Algorithm spots delicate gait modifications in autism mouse fashions | Spectrum
Motion picture: The software tracks points on a mouse’s body, from the nose to the tip of the tail, to automatically measure aspects of gait and posture.
New software uses machine-learning to automatically detect and quantify gait and posture from videos of mice moving around their cage.
The tool could accelerate research on how autism-linked mutations or drug treatments affect motor skills, says lead researcher Vivek Kumar, associate professor of mammalian genetics at The Jackson Laboratory in Bar Harbor, Maine.
Most efforts to analyze motor behavior involve placing a mouse on a treadmill or training it to walk through a maze. These assays are a simple way of testing speed, but they restrict the animals’ movement and force mice to walk in an unnatural way.
The algorithm processes footage from an overhead camera and tracks 12 key points on a mouse’s body as it freely explores its surroundings. As the animal wanders, the software detects the position of its limbs and other body parts, automatically generating data on its gait and posture. The researchers described their method in January in Cell Reports.
Kumar’s group trained the software by feeding it about 8,000 video frames that had been manually annotated to tag key points on the animal’s body, such as the nose, ears and tip of the tail. They repeated the process with a variety of different strains to teach the algorithm to recognize mice of all shapes and sizes.
The trained software learned to read the rodent’s pose, which was further analyzed to extract more detailed information, such as the speed and length of each stride and the width of the mouse’s stance.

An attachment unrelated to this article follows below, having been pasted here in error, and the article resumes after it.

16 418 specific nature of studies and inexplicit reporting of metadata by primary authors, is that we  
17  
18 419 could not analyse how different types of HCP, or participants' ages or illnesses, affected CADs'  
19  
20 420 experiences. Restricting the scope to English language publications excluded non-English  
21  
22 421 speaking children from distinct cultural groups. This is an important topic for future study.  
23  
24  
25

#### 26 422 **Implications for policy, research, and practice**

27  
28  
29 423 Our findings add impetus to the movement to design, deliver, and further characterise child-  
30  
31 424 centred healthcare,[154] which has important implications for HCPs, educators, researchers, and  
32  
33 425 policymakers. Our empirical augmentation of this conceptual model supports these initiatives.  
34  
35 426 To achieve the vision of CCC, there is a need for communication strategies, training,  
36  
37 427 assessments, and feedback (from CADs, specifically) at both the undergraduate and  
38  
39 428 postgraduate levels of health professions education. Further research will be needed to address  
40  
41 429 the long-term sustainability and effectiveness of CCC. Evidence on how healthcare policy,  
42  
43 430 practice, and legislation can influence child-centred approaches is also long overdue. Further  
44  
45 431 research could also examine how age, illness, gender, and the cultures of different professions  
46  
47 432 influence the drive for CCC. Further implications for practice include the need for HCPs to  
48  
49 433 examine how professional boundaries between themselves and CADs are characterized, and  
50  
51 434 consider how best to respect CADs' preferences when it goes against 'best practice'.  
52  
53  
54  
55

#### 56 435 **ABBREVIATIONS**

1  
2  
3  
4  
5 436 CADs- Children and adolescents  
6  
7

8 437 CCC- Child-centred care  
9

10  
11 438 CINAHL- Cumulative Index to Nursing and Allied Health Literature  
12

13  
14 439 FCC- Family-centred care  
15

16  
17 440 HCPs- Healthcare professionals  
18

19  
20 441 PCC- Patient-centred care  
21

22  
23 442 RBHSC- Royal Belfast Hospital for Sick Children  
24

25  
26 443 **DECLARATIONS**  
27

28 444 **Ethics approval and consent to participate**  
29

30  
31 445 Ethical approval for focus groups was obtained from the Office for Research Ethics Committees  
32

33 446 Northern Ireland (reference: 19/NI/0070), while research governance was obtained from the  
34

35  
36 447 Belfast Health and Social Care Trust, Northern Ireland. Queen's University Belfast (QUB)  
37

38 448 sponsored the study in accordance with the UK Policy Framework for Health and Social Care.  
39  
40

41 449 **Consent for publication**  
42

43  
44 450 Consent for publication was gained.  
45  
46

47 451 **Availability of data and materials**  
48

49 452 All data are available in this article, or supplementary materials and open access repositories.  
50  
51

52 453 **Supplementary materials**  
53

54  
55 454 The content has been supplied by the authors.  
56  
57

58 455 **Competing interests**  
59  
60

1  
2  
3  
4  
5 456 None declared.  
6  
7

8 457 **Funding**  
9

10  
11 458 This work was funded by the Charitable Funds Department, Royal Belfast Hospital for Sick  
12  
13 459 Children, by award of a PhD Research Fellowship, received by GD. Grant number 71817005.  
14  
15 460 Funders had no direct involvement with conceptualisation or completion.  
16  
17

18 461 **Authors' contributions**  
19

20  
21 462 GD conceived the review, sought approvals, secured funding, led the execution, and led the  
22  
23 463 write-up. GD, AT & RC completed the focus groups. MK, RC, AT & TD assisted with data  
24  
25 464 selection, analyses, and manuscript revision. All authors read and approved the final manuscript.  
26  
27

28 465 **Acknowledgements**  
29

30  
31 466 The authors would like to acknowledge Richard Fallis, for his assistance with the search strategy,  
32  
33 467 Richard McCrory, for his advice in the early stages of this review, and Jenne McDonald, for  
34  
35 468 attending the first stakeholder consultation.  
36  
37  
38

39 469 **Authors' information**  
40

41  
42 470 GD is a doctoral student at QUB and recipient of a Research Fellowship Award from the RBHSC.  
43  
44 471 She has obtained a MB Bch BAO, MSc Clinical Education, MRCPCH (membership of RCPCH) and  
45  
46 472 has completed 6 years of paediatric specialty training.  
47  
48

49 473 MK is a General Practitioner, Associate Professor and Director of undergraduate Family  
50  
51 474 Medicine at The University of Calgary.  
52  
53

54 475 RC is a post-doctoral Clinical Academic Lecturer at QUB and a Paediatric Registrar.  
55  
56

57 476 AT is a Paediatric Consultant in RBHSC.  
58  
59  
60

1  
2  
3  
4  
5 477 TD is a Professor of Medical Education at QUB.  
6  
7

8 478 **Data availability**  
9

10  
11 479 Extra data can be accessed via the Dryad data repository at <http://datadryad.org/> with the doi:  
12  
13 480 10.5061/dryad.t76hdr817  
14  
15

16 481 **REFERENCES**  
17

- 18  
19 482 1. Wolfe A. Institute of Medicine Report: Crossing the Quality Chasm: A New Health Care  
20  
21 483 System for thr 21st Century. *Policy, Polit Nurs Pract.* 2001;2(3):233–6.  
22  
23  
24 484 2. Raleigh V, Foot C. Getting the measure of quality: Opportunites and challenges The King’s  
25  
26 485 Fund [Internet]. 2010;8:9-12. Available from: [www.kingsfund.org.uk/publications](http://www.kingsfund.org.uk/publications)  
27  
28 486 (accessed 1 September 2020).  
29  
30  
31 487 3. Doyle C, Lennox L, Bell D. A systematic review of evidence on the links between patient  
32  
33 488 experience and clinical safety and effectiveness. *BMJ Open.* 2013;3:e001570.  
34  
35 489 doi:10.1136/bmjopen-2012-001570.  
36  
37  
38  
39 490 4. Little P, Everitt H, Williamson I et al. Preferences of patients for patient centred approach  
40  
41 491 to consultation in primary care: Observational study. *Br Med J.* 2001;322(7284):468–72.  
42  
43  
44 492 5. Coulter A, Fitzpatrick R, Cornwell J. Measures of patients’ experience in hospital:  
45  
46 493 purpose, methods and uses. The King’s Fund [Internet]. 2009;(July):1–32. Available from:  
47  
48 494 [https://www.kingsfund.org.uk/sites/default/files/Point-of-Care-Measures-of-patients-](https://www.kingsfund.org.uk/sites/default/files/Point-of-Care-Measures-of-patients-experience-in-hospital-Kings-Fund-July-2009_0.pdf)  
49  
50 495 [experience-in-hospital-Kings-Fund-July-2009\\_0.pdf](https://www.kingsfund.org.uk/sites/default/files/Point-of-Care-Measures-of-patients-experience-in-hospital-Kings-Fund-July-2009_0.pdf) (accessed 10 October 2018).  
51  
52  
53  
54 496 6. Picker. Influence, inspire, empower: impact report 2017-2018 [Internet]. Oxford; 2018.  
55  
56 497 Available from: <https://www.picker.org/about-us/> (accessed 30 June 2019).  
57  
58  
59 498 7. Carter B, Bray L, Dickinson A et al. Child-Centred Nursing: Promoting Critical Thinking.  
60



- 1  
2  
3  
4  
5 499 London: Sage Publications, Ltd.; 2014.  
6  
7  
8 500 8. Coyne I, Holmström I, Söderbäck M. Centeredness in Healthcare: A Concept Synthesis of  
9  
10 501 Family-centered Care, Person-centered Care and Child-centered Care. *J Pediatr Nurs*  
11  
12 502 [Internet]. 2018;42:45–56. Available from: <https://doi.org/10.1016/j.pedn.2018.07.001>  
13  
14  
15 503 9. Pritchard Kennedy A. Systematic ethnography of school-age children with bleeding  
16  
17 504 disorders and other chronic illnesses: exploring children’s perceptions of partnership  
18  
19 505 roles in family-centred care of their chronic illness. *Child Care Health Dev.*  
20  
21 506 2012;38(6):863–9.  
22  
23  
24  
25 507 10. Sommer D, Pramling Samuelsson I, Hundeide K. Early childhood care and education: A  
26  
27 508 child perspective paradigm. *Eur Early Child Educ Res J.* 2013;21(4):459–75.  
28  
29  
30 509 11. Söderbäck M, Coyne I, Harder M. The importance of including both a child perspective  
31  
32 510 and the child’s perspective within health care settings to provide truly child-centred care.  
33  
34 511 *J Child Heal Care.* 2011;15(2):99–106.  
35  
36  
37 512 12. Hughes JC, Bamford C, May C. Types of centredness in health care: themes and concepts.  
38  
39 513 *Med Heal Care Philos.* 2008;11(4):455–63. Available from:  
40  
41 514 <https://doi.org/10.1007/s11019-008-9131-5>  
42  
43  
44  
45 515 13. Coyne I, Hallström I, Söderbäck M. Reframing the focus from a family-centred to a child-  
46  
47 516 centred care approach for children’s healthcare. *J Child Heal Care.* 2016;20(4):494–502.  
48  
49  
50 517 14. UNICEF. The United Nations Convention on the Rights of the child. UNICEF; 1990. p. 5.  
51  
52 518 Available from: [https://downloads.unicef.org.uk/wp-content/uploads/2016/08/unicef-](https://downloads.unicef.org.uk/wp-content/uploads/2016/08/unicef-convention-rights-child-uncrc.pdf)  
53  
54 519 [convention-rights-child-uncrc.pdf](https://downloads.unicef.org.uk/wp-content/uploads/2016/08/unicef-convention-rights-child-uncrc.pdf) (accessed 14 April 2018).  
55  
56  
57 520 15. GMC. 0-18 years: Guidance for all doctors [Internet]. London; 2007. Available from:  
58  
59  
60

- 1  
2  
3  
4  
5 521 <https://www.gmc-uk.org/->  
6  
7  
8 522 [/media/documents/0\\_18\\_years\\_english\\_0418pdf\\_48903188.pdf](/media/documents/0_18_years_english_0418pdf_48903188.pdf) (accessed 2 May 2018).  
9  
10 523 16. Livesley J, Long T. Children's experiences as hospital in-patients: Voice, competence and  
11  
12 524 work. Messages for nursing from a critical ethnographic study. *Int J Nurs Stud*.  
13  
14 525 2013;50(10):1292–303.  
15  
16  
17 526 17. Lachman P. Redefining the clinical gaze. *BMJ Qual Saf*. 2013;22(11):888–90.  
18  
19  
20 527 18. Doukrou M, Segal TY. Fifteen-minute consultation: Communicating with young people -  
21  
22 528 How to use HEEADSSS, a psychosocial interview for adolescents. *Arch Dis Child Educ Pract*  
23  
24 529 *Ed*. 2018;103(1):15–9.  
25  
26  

To check that the algorithm performs correctly, the team tested it on video recordings of mice that model traits of Rett syndrome, a rare genetic condition linked to autism. The software confirmed previous findings; for example, the mice take shorter, wider steps than controls. The tool also revealed posture abnormalities not previously described, highlighting its ability to pick up on subtle motor differences that researchers might otherwise miss.
The software also detected gait and posture problems in four mouse models of autism: mice lacking the genes CNTNAP2, FMR1 or SHANK3, or missing a region of chromosome 16 called 16p11.2. Each has a unique walking style and could often be distinguished from controls based on their movements alone, the researchers found.
More than 80 percent of children with autism experience motor difficulties, often displaying differences in their gait and posture. For example, autistic children tend to have a wide stance, and the length of their strides varies from step to step. But engine differences have been studied far less than the condition’s social aspects.
Engine problems appear in infancy, yet it is unclear whether they arise independently or as a result of social differences. Some scientists theorize that children learn motor skills from their peers, and children with autism miss opportunities to imitate coordinated movement. Machine-learning could answer this question, says Kumar, who plans to use his software to measure both motor and social changes in mice. He also plans to repeat the analysis in younger rodents to determine when engine problems first arise.
Kumar’s training data is publicly available, saving other laboratories the painstaking step of annotating thousands of video frames. And the algorithm can be unleashed on old video footage — provided the lighting and camera angle are similar to what Kumar’s team used — to extract new data from old experiments.
The software could be used to compare gait in mice with different autism-linked mutations, or in combination with neural recordings to map motor impairments onto specific brain circuits. It may also be used to rapidly screen drugs or other therapies for improving motor coordination in autism.
Cite this article: https://doi.org/10.53053/ANAG6369